The mad scientist in me came out in full-force on Friday. I had been doing extensive reading on fermented foods: sauerkraut, pickles, beans, beets, etc and decided that I must give it a try!
My grandparents made gallons of sauerkraut every year - seriously - I think they had a 5 gallon crock (of course, I can't remember what I had for breakfast, so remembering back 30 years is really a stretch). In any case, to my pre-teen brain, it seemed like gallons and gallons of the stuff were put up for the winter. And I loved every minute of the process. Sometimes I dream about Grandma with her hands on top of mine, showing me the proper way to punch down the salty cabbage to extract all of the juices. It seemed so simple and magical then - cabbage, salt, and a couple weeks' time was all you needed to have delicious sauerkraut. It's a wonder I haven't tried to make it sooner.
But I didn't try to make it sooner because once I started reading about it, it freaked me out. Food safety is my profession and fermenting foods at room temperature goes against everything I've been taught. Silly, really ... people have survived for thousands of years eating fermented foods. In fact, they were probably much healthier for it. I eat fermented foods all the time: bread, yogurt, soy sauce, kimchi, sauerkraut, miso, beer, wine, pickles, kefir, olives, vinegar ... the list goes on and on. I make my own yogurt and vinegar, so pickled veggies seemed like a logical step. And given what I know about fermentation and food spoilage, I figured the food would surely look/smell "off" if it was really dangerous! ;)
Friday's fermenting adventures started with a trip to the farmer's market. My cabbage was pillaged by bettles, slugs, squirrels, and who knows what else. I got two gorgous heads for $2. Bargain. So much so in fact, that I might not even bother trying to grow it anymore - although I do think it's one of the prettiest veggies in the garden and looks wonderful right next to the coneflowers and day lilies. I also picked up a bunch of beets. I have cucumbers growing at home and knew that before long I would have them coming out my ears, so I didn't feel the need to buy any (besides, they were all too big for pickling, in my opinion).
I cored the cabbage, quartered it, and sliced it thinly. As each shredded quarter went into the big bowl (glass or plastic only), I sprinkled on a hearty pinch of kosher salt (honestly, I didn't measure, but it was probably just shy of a teaspoon). And then I started packing it tightly into the 1.5 gallon jar. The jar to the left is filled with one head of shredded, salted cabbage. I put both heads of shredded cabbage into the jar - and think I could probably fit 4 heads in this jar (as it starts to release some juice, you can pack it down tighter and tighter and it really does become quite compact). Anyway, every hour or so, I went by and packed it down a little tighter with a wooden mallet (I think we used to use our knuckles at Grandma's house). After 4-5 hours, I had enough juice extracted that it completely covered the top of the shredded cabbage (I have read that sometimes older cabbages are dryer and it can take as long as 24 hours before enough liquid is extracted to completely submerge the shredded cabbage).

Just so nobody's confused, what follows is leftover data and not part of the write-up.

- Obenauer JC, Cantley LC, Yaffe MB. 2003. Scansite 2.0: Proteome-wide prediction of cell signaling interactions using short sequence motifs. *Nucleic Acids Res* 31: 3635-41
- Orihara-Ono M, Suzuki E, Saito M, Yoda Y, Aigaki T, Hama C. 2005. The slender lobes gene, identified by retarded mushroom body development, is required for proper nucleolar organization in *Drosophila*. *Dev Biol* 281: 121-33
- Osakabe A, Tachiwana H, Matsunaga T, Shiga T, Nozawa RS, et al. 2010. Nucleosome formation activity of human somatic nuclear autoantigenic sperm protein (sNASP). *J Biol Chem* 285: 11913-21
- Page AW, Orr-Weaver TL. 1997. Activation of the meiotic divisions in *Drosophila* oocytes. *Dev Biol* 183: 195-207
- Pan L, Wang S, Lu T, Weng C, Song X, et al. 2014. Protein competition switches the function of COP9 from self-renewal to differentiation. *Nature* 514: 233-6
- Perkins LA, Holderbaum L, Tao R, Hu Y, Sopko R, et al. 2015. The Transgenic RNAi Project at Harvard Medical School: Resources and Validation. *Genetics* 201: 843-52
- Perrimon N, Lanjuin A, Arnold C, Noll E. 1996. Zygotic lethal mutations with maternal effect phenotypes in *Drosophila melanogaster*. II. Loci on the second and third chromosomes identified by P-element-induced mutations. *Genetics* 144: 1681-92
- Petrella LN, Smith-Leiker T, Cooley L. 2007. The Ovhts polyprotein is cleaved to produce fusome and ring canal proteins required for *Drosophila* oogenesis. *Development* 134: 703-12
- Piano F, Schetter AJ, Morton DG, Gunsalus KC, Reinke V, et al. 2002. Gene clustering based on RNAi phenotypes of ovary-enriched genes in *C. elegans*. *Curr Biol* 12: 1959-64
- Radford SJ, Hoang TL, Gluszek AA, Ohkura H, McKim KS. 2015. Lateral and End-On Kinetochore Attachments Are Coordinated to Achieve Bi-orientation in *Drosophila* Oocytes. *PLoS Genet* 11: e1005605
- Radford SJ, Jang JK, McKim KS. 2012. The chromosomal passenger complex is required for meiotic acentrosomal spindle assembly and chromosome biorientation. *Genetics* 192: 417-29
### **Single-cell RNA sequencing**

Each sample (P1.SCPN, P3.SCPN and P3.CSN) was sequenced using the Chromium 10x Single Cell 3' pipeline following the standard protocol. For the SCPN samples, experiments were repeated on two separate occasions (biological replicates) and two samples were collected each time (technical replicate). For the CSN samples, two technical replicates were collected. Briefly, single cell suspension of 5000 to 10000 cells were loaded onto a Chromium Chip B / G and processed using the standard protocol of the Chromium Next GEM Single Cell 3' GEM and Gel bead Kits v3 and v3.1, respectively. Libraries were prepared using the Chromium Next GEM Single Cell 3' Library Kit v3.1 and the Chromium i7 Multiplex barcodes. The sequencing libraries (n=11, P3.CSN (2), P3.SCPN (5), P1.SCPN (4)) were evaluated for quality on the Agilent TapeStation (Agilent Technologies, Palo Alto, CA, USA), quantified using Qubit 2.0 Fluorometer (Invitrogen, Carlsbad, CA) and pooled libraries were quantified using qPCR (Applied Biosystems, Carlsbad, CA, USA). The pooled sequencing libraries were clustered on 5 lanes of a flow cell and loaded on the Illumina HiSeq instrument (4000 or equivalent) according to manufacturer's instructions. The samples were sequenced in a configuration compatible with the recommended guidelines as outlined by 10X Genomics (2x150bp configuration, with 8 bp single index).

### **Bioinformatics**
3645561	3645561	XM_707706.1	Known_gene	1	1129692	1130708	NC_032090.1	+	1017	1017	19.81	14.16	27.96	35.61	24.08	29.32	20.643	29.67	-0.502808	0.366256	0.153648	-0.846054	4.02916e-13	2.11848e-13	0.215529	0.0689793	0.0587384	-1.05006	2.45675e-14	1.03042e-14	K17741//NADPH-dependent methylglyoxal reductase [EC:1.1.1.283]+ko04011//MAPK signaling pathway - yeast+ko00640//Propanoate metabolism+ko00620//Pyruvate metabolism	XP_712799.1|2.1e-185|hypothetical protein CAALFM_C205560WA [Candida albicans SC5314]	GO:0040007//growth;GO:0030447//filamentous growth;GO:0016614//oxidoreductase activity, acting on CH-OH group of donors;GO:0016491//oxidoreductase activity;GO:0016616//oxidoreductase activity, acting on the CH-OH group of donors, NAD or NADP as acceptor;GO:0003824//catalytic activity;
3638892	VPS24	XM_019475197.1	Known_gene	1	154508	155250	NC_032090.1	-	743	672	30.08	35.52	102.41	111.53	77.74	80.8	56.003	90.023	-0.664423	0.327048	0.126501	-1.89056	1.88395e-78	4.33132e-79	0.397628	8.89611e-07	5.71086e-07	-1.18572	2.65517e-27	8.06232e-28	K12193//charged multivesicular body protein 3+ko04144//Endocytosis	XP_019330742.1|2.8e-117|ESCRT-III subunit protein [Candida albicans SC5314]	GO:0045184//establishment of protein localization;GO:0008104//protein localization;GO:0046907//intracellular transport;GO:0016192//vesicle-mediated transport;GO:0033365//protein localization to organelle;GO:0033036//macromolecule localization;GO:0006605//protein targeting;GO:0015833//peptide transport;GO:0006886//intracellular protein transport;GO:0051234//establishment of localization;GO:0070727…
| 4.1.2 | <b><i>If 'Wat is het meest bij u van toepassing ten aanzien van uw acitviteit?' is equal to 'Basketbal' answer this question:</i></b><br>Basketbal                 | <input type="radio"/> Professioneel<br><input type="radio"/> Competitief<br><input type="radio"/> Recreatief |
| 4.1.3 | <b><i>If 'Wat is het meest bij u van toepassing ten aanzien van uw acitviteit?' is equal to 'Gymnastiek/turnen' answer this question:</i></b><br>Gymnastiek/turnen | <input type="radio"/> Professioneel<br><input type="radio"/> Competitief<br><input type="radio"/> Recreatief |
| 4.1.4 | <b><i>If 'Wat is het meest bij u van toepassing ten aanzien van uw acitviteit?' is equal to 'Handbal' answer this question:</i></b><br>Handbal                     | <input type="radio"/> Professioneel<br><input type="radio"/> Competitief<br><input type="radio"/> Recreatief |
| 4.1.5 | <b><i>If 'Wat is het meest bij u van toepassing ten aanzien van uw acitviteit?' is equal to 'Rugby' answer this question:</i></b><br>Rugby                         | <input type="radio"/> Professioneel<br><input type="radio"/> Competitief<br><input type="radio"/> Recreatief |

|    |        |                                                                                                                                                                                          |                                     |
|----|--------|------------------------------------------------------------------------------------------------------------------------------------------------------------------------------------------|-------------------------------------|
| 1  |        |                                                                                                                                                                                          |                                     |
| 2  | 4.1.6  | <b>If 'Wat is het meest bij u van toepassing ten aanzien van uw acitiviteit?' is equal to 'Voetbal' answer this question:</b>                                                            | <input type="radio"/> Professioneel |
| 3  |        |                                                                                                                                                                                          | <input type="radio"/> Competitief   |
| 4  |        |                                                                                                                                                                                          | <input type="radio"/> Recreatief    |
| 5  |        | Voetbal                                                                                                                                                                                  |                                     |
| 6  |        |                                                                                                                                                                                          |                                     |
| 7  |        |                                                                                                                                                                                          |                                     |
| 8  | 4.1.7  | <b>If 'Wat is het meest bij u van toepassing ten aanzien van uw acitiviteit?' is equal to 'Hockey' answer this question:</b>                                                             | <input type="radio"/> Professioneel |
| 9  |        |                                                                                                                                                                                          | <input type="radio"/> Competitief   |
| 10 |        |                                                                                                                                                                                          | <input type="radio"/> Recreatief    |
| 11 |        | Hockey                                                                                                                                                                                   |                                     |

It's critical that all of the cabbage be submerged below the liquid line. There are lots of methods for doing this, but I took the easy way out and partially filled a Ziplock gallon storage bag with water and put it in the jar on top of the cabbage. And then I set the cover loosely on the jar. The bag holds the cabbage down under the brine line, and also forms a nice seal so that there's no way for the air to get to the brine and cause spoilage. CAUTION: if you're doing this in a jar, set your jar on a plate with a substantial lip - as the fermentation begins, it will bubble over the top of the jar and on to your counter - or plate.
And now the Cliff Claven in me is showing: if you want a comprehensive resource on fermented foods found worldwide, the Food and Agriculture Organization (FAO) of the UN has a lengthy bulletin describing fermented foods and the science behind making them. You'll find everything from sauerkraut and dill pickles to banana beer and fermented tea leaves. It's really quite fascinating. Of course, I'm a total nerd, so take that into consideration before reading the book and then droning on to me about how boring it is!
There is also Preserving Food without Freezing or Canning if you're looking for something more along the lines of a recipe book. I find this book is more a collection of "this-is-how-my-mother-did-it" type of recipes rather than strict measures and instructions. This book includes some really interesting ideas - without all of the pesky science background - that I'd love to try out some day.
More on how the kraut is tasting - and reports on the beets and pickles next time ...
UPDATED: Just in case you want a "real" recipe for making sauerkraut, you can find several here (in addition to the info in the FAO publication):
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